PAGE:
Sir,—As a general rule, an actor has not the right of reply to a newspaper critic, asking for criticism as he does, by appearing on stage.. I would like to make it clear that i write not as a member of the cast of The Rivals, but as A member of the Drama Club pleading for a higher standard of criticism. Actors are keenly interested in their reviews, as authoritative opinions on their performances, and are entitled to valid and worthwhile Press notices. It is the practice in England and on the Continent that the dramatic critic is not per se the dictator of half a column. Categorial statements of opinion by authorities on theatre, such as J. C. Trewin, or in this country, W. J. Mountjoy, Jnr. or Frederick Farley, are to be accepted. But I feel very strongly that, in justice to our actors, your reviewer, in Salient of March 27, should reveal either the wide theatrical experience and knowledge that enables him to make strong criticisms without explaining his reasons, or the reasons themselves. For, example, I refute the statement that the cast were restricted by the director's conception of their characterisation, and in particular, that Anne Flannery languished too much.
Such an observation as this last, should spring only from a sound understanding and experience of the play, if not backed up with good reasons has your critic seen this particular character on the stage before ? Your anonymous authority mentions how easy it is to pick a play to pieces—and proceeds happily to do so. I earnestly hope he knows this is not his simple function. Constructive advice, from a non-technical, spectator's viewpoint should not include relatively unimportant observations upon an elevated eyebrow, a precarious wig or a slamming door—valid criticisms, perhaps, but not to the exclusion of such canons of criticism as meaning, form, expression, movement, timing, setting, dressing, production, audibility, characterisation, realism and so on. I am inclined to feel, also, that one member of the cast whose performance was entirely neglected, warranted mention above the "notables" prcsent in the audience. And that reference to Coriolanus and Lucrece, which implied that The Rivals does not constitute serious dramatic art, betrays your critic's ignorance of the purpose of the theatre. Sorry to be scathing but it is high time amateur actors were accorded the standard of criticism they deserve.—Yours cheerfully.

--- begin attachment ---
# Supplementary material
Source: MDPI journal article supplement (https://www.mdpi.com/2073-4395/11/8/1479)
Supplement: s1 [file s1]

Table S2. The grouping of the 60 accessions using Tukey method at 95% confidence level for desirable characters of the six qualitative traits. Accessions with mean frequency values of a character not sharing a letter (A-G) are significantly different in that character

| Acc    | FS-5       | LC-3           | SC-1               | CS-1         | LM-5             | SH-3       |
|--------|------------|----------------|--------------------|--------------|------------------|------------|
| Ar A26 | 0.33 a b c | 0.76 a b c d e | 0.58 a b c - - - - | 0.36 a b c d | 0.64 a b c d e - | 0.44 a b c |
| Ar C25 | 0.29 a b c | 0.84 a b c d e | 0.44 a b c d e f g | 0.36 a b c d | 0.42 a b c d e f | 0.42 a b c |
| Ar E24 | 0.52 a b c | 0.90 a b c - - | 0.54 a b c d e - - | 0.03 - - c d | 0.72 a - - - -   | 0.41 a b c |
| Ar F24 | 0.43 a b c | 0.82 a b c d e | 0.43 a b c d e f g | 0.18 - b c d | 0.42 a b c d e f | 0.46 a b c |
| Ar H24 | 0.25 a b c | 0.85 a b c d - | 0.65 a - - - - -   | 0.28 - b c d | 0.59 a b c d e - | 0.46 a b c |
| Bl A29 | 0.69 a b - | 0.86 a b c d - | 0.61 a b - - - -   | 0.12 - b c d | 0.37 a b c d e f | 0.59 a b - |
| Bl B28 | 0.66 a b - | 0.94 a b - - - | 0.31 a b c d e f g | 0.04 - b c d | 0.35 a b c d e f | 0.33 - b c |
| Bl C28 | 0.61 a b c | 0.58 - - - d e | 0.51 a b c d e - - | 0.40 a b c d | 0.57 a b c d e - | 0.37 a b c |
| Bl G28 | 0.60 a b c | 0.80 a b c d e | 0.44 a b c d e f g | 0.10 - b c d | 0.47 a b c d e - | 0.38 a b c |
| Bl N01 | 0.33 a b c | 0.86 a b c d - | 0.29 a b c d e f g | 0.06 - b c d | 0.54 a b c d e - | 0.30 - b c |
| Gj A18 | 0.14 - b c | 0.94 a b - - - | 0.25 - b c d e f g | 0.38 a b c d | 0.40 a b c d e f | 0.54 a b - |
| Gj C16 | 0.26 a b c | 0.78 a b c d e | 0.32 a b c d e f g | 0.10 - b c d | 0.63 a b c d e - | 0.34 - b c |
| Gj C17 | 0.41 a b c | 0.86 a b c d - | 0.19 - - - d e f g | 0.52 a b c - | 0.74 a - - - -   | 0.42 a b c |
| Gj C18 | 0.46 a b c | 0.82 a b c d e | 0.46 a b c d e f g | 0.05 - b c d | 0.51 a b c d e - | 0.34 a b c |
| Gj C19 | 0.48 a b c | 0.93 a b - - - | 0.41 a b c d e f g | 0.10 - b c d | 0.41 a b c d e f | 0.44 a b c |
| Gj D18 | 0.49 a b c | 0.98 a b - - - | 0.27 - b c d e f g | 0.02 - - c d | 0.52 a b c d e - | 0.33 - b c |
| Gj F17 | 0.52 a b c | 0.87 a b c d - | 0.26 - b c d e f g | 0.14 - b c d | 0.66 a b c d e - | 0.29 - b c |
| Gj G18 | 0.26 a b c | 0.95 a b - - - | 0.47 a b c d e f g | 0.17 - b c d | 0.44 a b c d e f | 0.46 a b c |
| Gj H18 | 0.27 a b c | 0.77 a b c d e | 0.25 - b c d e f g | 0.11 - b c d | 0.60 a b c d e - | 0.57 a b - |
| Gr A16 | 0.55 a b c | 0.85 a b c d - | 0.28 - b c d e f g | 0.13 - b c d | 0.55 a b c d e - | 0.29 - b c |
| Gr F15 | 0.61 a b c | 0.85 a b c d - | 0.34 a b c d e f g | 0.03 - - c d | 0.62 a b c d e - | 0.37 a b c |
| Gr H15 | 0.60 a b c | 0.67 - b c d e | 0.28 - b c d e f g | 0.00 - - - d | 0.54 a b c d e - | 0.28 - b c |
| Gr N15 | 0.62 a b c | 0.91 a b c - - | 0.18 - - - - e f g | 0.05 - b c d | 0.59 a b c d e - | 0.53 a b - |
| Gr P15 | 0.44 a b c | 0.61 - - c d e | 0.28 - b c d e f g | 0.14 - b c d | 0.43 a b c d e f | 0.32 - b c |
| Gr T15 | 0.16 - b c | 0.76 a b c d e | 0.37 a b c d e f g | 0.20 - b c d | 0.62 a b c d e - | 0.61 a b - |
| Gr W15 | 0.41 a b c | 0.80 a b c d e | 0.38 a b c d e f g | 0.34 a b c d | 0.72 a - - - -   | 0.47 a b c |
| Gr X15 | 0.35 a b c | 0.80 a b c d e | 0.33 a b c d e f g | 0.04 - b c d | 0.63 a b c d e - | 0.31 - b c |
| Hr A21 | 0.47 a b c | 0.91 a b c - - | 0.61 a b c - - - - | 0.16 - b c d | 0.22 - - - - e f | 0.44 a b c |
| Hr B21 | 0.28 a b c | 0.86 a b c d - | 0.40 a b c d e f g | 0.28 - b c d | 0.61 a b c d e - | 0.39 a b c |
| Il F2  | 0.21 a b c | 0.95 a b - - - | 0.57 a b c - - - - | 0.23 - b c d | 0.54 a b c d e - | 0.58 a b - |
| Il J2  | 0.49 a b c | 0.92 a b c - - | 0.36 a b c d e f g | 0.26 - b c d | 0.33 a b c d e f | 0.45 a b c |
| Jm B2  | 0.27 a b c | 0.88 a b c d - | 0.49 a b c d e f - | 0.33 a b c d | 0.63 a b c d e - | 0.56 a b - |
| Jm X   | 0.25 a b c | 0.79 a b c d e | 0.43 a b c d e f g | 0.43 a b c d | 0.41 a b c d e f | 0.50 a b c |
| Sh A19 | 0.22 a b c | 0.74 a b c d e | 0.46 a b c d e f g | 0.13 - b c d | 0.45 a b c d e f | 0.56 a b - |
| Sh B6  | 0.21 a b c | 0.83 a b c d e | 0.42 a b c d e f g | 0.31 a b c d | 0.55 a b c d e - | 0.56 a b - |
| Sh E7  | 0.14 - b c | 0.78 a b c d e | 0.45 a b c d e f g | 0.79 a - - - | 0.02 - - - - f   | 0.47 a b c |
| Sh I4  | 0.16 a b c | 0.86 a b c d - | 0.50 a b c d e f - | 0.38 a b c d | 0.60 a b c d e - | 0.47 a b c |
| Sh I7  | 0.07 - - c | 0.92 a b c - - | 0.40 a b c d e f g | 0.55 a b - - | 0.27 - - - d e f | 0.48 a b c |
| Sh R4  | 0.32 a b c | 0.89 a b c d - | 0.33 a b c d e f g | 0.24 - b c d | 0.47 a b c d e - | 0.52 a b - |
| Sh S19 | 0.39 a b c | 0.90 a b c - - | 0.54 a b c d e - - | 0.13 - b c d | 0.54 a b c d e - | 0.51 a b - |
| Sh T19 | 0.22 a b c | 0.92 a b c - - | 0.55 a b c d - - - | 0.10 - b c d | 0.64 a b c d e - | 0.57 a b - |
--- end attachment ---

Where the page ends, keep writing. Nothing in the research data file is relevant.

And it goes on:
[As the Editor I must also lay claim to the dramatic (?) criticism—my name was omitted for space reasons. Experience as a critic?—constant theatre going and constant reading of my critic's bible—the works of James Agate. My view that the director may have directed a little too much has since been confirmed by a member of the cast. As to. The Rivals—has Mr. Treadwell seen it on the stage? I did not mean to imply that The Rivals is not dramatic art but I did mean to imply that it is not serious . . . in the sense that Corialanus is I agree that the dramatic criticism in our dailies is low and should be raised.]